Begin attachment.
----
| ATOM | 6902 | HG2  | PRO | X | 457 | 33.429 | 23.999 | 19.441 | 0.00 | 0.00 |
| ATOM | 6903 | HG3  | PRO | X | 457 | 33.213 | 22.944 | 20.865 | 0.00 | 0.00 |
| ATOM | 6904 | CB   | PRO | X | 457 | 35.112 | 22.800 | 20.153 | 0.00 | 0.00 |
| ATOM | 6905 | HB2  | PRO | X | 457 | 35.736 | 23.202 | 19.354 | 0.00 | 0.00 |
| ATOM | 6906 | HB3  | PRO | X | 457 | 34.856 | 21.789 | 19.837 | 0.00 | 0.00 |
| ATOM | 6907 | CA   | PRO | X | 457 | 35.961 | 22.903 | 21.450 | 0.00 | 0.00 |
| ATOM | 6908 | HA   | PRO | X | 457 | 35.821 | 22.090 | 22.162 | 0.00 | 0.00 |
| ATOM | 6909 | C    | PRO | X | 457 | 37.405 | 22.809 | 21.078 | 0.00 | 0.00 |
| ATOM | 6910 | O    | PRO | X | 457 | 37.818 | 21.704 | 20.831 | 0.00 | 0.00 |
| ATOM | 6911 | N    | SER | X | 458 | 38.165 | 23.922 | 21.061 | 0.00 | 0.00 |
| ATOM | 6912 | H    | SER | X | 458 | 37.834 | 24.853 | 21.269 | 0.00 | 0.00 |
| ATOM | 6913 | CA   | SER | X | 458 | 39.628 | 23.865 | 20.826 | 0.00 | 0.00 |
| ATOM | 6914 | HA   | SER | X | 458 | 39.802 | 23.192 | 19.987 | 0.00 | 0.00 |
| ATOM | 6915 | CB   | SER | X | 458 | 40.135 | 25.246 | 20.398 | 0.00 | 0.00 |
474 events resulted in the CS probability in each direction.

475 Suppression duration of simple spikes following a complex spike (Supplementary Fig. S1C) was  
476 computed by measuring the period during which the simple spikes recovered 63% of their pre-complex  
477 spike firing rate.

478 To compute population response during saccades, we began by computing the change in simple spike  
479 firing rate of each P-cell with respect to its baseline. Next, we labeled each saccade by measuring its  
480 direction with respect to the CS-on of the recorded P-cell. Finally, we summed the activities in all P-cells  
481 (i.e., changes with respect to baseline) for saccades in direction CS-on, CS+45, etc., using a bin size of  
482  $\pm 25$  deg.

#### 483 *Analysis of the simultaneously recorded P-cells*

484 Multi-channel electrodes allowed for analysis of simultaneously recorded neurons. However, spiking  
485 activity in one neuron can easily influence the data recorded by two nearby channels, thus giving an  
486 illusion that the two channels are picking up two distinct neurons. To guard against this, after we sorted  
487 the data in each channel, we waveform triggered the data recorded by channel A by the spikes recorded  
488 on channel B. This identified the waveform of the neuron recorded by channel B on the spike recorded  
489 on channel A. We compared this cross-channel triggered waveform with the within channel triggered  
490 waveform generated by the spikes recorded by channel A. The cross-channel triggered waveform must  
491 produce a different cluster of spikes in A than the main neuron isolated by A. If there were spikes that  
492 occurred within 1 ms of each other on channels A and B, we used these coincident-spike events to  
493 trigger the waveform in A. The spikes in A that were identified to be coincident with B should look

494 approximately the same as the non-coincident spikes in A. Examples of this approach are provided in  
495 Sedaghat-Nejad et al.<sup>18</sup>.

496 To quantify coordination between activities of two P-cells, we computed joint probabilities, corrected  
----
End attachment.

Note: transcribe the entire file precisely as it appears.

| ATOM | 6902 | HG2  | PRO | X | 457 | 33.429 | 23.999 | 19.441 | 0.00 | 0.00 |
| ATOM | 6903 | HG3  | PRO | X | 457 | 33.213 | 22.944 | 20.865 | 0.00 | 0.00 |
| ATOM | 6904 | CB   | PRO | X | 457 | 35.112 | 22.800 | 20.153 | 0.00 | 0.00 |
| ATOM | 6905 | HB2  | PRO | X | 457 | 35.736 | 23.202 | 19.354 | 0.00 | 0.00 |
| ATOM | 6906 | HB3  | PRO | X | 457 | 34.856 | 21.789 | 19.837 | 0.00 | 0.00 |
| ATOM | 6907 | CA   | PRO | X | 457 | 35.961 | 22.903 | 21.450 | 0.00 | 0.00 |
| ATOM | 6908 | HA   | PRO | X | 457 | 35.821 | 22.090 | 22.162 | 0.00 | 0.00 |
| ATOM | 6909 | C    | PRO | X | 457 | 37.405 | 22.809 | 21.078 | 0.00 | 0.00 |
| ATOM | 6910 | O    | PRO | X | 457 | 37.818 | 21.704 | 20.831 | 0.00 | 0.00 |
| ATOM | 6911 | N    | SER | X | 458 | 38.165 | 23.922 | 21.061 | 0.00 | 0.00 |
| ATOM | 6912 | H    | SER | X | 458 | 37.834 | 24.853 | 21.269 | 0.00 | 0.00 |
| ATOM | 6913 | CA   | SER | X | 458 | 39.628 | 23.865 | 20.826 | 0.00 | 0.00 |
| ATOM | 6914 | HA   | SER | X | 458 | 39.802 | 23.192 | 19.987 | 0.00 | 0.00 |
| ATOM | 6915 | CB   | SER | X | 458 | 40.135 | 25.246 | 20.398 | 0.00 | 0.00 |
474 events resulted in the CS probability in each direction.

475 Suppression duration of simple spikes following a complex spike (Supplementary Fig. S1C) was  
476 computed by measuring the period during which the simple spikes recovered 63% of their pre-complex  
477 spike firing rate.

478 To compute population response during saccades, we began by computing the change in simple spike  
479 firing rate of each P-cell with respect to its baseline. Next, we labeled each saccade by measuring its  
480 direction with respect to the CS-on of the recorded P-cell. Finally, we summed the activities in all P-cells  
481 (i.e., changes with respect to baseline) for saccades in direction CS-on, CS+45, etc., using a bin size of  
482  $\pm 25$  deg.

#### 483 *Analysis of the simultaneously recorded P-cells*

484 Multi-channel electrodes allowed for analysis of simultaneously recorded neurons. However, spiking  
485 activity in one neuron can easily influence the data recorded by two nearby channels, thus giving an  
486 illusion that the two channels are picking up two distinct neurons. To guard against this, after we sorted  
487 the data in each channel, we waveform triggered the data recorded by channel A by the spikes recorded  
488 on channel B. This identified the waveform of the neuron recorded by channel B on the spike recorded  
489 on channel A. We compared this cross-channel triggered waveform with the within channel triggered  
490 waveform generated by the spikes recorded by channel A. The cross-channel triggered waveform must  
491 produce a different cluster of spikes in A than the main neuron isolated by A. If there were spikes that  
492 occurred within 1 ms of each other on channels A and B, we used these coincident-spike events to  
493 trigger the waveform in A. The spikes in A that were identified to be coincident with B should look

494 approximately the same as the non-coincident spikes in A. Examples of this approach are provided in  
495 Sedaghat-Nejad et al.<sup>18</sup>.

496 To quantify coordination between activities of two P-cells, we computed joint probabilities, corrected  